I have a lot of admiration for screenwriters. They are the unsung heroes of the film business; without their stories, no film would ever be made. Being a writer is hard, anxious and often lonely work. You stare at the blank screen. It waits to be filled, it must be filled, and so you start to write, praying that the end result is worth the effort you give to it. I've started and not finished countless screenplays whose stories just wouldn't go anywhere, written and completed eight full drafts of an absolutely dreadful romantic comedy and, through various writing groups I've belonged to over the years, read a lot of developing screenplays that will, thankfully, never see the light of day. I'm such a geek, in fact, that I often read the scripts for films I love, over and over again, just to feel rhythm of the words on the page, and to get a sense for how those words translated into the finished film on the screen.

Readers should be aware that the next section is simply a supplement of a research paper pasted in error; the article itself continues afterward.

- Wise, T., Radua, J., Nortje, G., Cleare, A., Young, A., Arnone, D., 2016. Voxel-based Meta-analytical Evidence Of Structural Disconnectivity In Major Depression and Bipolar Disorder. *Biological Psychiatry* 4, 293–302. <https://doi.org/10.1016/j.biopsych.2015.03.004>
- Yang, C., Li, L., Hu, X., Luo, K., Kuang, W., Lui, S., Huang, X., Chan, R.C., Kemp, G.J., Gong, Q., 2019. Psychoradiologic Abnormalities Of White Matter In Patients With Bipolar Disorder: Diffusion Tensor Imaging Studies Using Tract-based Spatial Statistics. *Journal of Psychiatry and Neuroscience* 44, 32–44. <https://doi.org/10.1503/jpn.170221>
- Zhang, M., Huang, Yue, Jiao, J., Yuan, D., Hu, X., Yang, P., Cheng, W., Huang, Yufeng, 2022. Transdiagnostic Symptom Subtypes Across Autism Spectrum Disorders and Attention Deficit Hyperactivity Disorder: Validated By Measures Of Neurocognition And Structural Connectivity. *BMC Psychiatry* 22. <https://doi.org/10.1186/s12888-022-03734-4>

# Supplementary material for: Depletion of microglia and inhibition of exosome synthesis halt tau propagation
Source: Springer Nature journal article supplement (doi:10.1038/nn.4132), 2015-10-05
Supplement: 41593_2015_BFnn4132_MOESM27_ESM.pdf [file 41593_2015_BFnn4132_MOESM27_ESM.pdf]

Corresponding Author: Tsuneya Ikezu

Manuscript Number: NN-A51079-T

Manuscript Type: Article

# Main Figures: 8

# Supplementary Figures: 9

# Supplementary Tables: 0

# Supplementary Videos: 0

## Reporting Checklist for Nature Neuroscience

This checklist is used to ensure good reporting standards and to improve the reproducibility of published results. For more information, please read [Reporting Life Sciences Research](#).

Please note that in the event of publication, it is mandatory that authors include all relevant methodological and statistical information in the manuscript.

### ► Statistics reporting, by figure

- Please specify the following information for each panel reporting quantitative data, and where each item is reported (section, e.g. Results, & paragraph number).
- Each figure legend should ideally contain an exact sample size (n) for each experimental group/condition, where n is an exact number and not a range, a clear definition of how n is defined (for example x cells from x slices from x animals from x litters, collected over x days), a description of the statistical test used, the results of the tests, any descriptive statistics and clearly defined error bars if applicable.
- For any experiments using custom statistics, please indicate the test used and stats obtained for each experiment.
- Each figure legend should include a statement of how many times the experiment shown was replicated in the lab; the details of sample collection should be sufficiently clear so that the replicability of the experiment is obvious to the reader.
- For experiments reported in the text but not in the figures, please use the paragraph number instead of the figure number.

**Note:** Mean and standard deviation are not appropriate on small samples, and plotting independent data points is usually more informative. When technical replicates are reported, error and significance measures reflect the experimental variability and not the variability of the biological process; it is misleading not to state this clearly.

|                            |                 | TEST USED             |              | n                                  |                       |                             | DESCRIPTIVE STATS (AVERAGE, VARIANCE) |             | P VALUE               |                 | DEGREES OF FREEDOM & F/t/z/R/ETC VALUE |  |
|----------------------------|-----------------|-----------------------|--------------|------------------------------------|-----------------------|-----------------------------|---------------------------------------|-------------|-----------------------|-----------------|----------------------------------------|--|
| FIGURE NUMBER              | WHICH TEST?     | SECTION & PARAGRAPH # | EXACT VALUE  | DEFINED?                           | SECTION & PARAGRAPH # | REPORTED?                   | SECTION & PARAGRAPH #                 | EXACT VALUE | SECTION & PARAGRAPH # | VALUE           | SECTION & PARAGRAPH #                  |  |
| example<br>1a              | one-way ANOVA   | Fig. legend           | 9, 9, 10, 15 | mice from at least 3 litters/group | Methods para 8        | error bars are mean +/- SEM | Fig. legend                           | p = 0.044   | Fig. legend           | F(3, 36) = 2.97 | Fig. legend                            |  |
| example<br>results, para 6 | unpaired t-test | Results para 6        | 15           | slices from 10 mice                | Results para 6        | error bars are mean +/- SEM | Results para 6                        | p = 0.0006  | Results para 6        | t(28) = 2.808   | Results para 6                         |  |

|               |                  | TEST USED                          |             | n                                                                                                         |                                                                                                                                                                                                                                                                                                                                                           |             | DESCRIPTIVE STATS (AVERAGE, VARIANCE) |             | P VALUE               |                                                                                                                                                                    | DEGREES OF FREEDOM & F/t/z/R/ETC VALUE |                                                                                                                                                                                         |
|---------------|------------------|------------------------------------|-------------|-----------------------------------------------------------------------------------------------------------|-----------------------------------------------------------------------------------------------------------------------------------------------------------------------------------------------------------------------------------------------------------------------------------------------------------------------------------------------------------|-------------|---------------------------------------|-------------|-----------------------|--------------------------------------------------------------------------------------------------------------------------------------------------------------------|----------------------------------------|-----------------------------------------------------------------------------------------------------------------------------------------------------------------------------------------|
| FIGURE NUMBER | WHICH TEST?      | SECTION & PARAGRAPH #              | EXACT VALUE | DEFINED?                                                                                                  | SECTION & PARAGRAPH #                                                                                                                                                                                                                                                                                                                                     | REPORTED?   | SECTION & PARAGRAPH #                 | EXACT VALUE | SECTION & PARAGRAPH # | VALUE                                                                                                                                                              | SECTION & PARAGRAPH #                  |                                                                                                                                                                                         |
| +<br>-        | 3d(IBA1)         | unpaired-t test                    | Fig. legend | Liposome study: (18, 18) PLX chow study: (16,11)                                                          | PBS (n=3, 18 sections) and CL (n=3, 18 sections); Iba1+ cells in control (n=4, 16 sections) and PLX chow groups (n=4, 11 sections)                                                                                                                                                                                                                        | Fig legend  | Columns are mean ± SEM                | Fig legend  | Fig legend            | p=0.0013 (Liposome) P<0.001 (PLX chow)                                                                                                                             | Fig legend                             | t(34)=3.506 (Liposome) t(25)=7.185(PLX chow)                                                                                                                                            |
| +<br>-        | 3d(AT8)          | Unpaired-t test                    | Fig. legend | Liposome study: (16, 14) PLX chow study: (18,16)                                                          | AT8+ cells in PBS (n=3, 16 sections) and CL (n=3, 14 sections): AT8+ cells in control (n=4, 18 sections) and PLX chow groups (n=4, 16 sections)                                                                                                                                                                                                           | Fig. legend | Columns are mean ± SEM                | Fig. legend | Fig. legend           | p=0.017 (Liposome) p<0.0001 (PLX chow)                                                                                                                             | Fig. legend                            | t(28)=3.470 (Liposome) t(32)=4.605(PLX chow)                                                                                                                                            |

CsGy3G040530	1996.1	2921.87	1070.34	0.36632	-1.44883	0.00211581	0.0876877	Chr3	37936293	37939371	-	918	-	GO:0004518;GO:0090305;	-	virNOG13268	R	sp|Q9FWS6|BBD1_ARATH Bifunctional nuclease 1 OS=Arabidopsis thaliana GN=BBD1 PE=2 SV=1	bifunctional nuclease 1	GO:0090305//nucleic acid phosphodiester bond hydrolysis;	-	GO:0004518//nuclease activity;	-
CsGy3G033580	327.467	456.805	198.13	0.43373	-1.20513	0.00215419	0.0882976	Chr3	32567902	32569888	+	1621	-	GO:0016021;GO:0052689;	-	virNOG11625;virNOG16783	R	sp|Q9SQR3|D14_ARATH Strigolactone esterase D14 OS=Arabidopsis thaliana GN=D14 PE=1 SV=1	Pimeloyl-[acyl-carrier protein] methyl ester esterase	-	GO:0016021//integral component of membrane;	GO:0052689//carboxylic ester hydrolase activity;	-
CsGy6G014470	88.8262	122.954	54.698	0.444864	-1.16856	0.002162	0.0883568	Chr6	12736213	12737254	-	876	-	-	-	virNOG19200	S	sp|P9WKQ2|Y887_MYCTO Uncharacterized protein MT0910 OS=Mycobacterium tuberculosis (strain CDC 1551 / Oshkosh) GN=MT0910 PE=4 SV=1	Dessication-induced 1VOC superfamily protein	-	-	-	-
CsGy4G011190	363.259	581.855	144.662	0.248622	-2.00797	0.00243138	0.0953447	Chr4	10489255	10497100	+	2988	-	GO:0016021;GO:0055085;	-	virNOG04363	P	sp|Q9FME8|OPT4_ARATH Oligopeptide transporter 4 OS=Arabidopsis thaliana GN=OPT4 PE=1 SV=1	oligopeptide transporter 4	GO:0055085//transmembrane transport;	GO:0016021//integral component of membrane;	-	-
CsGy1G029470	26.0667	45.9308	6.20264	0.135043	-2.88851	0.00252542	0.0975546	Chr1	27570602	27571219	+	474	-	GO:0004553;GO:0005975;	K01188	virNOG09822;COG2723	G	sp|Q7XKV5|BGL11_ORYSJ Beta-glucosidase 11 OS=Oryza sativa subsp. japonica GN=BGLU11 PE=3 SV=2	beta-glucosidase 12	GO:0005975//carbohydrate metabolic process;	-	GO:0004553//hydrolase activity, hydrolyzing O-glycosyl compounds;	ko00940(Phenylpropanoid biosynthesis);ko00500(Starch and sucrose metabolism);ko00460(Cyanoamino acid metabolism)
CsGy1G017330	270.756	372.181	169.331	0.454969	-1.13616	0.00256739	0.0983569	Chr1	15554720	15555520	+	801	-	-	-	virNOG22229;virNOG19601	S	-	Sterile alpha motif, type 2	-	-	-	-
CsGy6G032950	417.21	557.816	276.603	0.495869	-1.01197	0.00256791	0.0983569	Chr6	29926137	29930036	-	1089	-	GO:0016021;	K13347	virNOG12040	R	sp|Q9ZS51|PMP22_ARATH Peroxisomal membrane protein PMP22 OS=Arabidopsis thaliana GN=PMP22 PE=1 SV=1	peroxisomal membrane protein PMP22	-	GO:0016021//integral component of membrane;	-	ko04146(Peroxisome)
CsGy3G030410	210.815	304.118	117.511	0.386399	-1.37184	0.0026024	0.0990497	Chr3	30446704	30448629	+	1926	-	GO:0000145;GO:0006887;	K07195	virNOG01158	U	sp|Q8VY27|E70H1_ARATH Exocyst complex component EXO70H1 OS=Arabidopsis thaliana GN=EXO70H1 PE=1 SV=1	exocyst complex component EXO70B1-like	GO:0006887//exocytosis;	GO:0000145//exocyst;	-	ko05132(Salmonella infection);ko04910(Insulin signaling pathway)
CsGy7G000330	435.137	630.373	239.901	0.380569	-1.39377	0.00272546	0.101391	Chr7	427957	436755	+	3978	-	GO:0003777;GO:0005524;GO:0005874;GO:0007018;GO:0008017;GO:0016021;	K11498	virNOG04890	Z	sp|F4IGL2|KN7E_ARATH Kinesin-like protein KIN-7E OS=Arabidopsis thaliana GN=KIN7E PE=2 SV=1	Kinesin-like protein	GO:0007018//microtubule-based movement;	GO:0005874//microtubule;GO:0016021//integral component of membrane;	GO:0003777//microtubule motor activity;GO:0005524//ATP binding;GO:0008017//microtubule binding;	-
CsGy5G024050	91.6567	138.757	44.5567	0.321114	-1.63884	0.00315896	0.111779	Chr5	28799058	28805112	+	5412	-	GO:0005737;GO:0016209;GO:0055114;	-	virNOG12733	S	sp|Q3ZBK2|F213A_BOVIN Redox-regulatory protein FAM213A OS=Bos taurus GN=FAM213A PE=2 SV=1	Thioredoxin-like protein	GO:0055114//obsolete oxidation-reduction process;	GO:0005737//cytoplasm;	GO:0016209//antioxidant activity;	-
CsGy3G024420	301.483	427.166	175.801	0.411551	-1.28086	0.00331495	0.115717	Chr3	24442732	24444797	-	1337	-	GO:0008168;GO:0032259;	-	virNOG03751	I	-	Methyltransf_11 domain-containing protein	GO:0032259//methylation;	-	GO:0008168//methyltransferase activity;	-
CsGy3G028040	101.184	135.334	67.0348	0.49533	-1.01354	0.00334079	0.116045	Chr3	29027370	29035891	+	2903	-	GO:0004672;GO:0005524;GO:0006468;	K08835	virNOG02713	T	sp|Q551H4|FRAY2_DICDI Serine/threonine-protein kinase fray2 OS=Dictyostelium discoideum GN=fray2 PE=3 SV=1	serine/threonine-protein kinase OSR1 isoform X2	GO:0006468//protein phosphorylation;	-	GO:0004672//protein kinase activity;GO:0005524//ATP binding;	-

As so often happens, Anne Thompson at The Hollywood Reporter has written an astute piece on screenwriting that is so obvious it seems it should be carved into granite above the entrance to every studio in Hollywood: Great writing makes for great movies. The film with which Thompson explores this hypothesis is Stranger Than Fiction, which debuted at Toronto (sadly, I missed it there), and she makes her point about great writing by enumerating how many big stars wanted to be in the film based on the script alone. Some truly great films have come out of a script that speaks its truth to actors so purely and loudly that they simply must see the film get made. They'll work for scale, drop other projects, shuffle their schedules around, all for the sake of that golden opportunity to be in a film so good that it demands to be made, whatever the sacrifice. When critics and cinephiles bemoan the dismal quality of so many films sludging their way out of Hollywood, very often what we are really bemoaning is the lack of originality in storytelling, the lack of passion in penning that story, and mostly, the lack of truth that seems to permeate so many films.